Amherst is tremendously diverse in its flora, landscapes, wildlife, and land use. Open space in the form of conservation land and farmland helps maintain that diversity in the face of mounting development pressures. Public conservation land also serves as an important amenity for those who do not have sufficient private land of their own on which to recreate and directly experience the outdoors.
Conservation land helps maintain the town‘s rural character, provides adequate land area for traditional and modern forms of outdoor recreation, and protects important wildlife habitat for both game and non-game species. Protected farmland provides a permanent base on which present and future farm businesses depend, and helps farm supported (i.e. grain/dairy processing, equipment repairs) businesses maintain a significant presence in Amherst and adjacent towns. Protected land also ensures clean water for wells and reservoirs supplying Town drinking water.
Traditional resource-based economic activities such as agriculture and forestry, and traditional forms of recreation such as fishing and hunting, continue to play major roles in Amherst. The Conservation Commission and Conservation Department works closely with farmers and farmland owners to encourage the farm economy; carrying out ecologically-sound forest and open land wildlife habitat management on Town watershed lands in the three adjacent communities of Belchertown, Pelham, and Shutesbury; and renting out fields for farm production and community gardening.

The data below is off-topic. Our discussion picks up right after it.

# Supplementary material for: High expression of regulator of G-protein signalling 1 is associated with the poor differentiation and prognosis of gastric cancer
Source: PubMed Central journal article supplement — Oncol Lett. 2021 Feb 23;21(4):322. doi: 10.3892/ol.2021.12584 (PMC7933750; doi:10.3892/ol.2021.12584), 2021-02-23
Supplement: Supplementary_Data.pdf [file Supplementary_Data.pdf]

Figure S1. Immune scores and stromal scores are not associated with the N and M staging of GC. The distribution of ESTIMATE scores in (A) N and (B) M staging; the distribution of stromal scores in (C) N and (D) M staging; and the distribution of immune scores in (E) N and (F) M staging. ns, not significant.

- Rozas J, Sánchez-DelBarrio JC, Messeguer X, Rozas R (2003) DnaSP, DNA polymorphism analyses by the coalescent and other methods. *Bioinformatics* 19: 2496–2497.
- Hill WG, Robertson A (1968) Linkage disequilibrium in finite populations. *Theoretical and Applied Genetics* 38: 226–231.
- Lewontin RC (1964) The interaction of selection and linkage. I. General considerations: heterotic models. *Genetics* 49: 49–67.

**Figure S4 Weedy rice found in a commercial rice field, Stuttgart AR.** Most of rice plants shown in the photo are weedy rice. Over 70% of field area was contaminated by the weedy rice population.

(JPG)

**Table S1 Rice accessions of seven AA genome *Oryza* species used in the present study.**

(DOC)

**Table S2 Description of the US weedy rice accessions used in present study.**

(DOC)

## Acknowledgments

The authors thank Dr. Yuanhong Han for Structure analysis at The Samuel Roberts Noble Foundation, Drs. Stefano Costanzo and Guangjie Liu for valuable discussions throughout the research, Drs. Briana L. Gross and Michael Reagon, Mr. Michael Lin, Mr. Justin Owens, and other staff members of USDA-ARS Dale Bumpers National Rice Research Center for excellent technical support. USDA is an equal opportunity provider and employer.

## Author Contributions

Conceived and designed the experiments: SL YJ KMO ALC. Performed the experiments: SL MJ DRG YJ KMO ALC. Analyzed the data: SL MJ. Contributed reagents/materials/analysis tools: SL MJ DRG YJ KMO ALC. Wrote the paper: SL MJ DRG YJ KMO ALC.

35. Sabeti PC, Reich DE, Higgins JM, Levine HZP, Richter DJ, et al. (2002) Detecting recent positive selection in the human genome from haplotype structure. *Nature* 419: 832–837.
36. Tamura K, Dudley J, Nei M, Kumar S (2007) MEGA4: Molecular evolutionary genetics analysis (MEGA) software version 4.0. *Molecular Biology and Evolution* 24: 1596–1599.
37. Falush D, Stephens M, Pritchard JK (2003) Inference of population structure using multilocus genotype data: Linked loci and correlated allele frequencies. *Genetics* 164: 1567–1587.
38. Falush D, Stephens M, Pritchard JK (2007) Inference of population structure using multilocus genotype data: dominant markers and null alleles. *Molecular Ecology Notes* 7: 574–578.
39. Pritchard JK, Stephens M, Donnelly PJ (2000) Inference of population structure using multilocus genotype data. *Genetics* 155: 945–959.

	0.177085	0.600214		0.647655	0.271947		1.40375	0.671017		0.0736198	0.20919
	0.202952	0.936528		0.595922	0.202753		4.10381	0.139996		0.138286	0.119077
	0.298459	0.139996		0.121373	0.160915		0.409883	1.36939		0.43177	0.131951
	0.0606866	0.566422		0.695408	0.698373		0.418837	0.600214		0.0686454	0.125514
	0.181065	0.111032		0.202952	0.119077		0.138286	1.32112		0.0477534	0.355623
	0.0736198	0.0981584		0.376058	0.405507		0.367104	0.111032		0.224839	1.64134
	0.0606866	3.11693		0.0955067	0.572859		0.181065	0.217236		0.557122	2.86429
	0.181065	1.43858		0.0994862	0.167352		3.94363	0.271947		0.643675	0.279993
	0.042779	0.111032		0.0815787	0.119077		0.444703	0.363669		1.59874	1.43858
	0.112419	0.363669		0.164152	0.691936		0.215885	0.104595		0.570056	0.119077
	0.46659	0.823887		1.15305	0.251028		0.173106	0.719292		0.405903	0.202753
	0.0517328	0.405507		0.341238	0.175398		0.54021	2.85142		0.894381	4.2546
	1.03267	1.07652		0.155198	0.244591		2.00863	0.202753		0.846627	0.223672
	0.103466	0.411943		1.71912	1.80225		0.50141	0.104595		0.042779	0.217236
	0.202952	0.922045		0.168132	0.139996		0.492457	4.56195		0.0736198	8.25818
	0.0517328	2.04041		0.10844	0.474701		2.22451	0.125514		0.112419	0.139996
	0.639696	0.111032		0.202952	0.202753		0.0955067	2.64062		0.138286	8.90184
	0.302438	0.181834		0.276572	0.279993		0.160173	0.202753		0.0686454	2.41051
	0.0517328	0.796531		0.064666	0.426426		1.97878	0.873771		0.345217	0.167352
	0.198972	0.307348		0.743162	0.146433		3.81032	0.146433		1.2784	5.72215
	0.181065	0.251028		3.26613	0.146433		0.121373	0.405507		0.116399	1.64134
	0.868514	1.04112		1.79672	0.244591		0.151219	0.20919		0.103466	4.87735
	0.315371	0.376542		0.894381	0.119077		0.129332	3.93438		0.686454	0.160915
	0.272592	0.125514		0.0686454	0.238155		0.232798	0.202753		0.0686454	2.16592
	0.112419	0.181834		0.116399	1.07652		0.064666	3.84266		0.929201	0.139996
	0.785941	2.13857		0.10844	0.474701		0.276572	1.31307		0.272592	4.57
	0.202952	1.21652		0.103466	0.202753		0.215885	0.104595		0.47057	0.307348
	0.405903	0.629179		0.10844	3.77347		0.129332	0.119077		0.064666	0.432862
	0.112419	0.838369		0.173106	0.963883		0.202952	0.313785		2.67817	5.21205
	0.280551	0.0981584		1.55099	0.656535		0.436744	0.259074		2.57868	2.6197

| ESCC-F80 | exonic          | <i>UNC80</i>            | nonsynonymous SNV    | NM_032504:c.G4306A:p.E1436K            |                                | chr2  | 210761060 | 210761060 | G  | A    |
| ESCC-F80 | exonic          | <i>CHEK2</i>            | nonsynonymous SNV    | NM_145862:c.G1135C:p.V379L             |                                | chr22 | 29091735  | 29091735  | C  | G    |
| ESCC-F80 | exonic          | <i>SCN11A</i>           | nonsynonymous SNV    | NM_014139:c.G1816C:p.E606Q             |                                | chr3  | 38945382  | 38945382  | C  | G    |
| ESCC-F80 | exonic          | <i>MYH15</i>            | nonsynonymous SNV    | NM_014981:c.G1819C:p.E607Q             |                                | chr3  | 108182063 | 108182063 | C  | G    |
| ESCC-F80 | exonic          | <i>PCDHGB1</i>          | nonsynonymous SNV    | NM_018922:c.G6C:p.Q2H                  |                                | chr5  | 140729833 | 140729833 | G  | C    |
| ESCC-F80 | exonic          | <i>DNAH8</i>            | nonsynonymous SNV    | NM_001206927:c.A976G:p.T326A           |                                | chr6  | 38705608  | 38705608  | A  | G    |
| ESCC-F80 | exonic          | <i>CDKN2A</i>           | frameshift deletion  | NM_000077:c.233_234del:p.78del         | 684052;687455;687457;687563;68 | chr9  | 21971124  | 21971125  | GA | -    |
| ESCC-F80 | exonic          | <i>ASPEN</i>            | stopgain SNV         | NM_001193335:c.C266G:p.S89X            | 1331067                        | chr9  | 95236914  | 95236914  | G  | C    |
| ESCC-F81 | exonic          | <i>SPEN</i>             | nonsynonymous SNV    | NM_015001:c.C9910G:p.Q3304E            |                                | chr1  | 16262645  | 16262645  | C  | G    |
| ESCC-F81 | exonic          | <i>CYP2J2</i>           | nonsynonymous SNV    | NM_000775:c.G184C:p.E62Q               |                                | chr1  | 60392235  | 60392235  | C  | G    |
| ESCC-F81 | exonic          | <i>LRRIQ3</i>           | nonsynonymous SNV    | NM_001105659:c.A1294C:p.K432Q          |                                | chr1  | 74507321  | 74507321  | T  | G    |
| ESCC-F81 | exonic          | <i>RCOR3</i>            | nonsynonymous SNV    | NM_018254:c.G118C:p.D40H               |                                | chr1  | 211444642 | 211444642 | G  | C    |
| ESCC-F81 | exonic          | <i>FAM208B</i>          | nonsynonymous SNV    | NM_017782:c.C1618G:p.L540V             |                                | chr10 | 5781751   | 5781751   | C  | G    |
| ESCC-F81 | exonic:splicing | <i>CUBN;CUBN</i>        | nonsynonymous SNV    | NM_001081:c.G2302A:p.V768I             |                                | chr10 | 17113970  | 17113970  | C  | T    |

The Town of Amherst is committed to protecting more land, which will help to preserve the community‘s open space and recreational opportunities even as new growth occurs. The Conservation Commission, with help from various town staff and departments, and through a valuable public input process, has determined the following to be Amherst‘s most urgent resource protection needs:
Conservation land is managed by the Conservation Department to maintain Amherst‘s natural resources, and may provide for passive recreation and outdoor activities such as hiking and fishing without being dedicated solely to playing fields or formal recreational facilities. Conservation land may include woodlands, pastures, trails or highly managed areas.
Management approaches include the following: